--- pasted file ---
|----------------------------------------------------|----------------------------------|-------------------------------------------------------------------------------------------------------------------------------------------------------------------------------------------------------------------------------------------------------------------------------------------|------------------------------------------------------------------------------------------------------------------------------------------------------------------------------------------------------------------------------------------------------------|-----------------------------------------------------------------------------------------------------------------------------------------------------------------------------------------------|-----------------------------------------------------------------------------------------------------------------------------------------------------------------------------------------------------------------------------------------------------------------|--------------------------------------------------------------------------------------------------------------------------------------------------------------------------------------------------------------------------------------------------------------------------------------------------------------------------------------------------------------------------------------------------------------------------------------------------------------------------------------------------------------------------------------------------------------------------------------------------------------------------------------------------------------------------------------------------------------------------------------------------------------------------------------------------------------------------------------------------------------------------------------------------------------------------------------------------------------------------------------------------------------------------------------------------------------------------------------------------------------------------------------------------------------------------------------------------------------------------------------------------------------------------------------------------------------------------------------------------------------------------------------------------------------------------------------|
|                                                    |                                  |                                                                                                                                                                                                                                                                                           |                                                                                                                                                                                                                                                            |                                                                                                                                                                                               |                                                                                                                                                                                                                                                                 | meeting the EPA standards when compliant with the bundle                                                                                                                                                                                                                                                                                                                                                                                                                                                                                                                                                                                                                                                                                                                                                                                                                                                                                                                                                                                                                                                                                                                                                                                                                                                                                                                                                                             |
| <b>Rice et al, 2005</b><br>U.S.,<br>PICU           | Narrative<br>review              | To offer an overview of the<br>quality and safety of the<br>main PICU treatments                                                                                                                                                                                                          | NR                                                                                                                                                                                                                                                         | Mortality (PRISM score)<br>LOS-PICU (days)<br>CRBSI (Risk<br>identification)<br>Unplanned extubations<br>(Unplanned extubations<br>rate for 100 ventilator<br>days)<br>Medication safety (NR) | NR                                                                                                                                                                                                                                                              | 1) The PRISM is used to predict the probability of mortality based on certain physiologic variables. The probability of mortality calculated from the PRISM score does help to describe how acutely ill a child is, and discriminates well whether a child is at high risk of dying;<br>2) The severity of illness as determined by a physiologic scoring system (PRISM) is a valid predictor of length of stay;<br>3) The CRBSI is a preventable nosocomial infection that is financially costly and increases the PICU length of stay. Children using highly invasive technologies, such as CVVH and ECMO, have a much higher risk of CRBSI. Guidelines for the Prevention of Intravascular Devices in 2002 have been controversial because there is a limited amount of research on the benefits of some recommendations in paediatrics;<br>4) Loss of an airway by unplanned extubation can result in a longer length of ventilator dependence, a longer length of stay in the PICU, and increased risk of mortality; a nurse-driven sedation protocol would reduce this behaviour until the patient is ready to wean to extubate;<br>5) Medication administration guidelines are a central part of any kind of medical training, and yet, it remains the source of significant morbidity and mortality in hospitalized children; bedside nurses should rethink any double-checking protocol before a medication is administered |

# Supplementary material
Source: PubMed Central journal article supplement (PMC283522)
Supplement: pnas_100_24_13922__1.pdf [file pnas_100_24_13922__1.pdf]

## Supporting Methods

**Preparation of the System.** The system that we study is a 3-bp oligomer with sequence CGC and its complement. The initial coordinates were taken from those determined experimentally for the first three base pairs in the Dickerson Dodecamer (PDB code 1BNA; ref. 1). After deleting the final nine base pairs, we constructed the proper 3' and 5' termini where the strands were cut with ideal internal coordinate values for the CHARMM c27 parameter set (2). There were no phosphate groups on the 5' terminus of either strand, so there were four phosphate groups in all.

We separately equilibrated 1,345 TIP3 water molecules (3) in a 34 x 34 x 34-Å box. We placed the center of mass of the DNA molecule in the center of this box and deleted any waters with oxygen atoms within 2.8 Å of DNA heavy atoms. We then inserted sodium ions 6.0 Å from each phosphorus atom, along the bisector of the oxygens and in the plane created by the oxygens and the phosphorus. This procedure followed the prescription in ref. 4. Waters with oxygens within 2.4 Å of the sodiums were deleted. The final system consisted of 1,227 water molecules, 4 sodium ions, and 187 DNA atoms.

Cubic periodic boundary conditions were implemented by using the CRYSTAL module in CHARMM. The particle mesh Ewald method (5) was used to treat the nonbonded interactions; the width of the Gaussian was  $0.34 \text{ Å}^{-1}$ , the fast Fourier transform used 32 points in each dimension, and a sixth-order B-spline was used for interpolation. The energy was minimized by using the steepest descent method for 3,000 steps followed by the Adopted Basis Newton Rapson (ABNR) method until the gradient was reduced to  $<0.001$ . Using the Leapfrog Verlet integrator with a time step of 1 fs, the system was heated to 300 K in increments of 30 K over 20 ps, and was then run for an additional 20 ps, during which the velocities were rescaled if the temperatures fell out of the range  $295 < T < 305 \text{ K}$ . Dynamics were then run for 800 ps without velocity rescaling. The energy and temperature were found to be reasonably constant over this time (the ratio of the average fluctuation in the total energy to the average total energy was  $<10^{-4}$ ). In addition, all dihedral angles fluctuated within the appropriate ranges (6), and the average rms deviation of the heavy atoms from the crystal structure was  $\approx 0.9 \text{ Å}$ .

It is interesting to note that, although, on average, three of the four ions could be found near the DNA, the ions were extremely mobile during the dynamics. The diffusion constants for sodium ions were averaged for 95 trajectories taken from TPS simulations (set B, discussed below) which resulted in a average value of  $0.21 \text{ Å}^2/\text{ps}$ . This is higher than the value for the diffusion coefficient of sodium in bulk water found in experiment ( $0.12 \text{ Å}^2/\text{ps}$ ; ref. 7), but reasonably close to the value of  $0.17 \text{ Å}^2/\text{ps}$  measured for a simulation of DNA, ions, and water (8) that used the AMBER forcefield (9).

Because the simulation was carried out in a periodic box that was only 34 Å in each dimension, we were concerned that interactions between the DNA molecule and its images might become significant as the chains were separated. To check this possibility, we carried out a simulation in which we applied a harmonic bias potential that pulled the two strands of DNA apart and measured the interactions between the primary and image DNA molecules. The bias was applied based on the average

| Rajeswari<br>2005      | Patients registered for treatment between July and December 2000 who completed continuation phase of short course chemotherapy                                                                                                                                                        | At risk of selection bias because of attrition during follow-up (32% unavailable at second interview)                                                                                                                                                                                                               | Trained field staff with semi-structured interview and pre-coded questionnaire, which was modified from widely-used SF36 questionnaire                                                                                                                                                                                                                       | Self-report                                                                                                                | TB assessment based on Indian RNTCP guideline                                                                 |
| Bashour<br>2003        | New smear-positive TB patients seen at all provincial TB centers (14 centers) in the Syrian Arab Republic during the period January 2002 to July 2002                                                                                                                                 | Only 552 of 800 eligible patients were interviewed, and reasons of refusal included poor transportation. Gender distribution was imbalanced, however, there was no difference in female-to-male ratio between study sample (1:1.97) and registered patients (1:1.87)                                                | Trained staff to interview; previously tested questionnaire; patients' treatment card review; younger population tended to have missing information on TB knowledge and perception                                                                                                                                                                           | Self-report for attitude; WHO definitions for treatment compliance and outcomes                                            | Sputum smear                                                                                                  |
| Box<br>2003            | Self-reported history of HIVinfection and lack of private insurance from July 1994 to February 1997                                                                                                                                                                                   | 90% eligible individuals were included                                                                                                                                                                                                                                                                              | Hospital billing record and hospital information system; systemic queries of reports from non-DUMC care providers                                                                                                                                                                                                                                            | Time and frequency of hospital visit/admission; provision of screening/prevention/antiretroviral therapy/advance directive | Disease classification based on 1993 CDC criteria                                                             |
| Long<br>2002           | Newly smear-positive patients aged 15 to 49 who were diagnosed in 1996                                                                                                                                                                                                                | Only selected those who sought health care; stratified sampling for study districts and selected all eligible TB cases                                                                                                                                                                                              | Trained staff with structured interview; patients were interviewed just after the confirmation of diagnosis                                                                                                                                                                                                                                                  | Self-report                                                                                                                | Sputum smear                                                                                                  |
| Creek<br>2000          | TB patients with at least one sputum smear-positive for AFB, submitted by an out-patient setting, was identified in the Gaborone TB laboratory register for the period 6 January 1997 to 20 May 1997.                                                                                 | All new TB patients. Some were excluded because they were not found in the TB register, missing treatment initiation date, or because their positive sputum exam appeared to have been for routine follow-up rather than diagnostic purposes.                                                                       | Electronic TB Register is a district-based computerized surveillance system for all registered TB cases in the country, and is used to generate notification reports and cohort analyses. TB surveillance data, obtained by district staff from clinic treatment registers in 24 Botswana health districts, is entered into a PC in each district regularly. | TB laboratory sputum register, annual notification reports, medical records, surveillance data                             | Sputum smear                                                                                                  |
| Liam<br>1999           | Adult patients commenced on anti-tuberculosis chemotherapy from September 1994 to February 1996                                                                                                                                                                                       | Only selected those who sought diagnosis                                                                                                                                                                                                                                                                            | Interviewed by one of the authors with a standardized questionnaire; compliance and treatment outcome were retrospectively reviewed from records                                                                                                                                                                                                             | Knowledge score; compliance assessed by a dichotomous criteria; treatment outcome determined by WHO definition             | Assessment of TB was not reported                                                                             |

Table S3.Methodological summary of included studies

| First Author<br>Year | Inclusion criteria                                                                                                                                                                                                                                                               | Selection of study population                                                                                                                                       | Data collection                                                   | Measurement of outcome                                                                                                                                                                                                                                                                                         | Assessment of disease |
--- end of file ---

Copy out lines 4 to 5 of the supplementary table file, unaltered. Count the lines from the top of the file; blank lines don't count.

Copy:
# Supplementary material
Source: PubMed Central journal article supplement (PMC283522)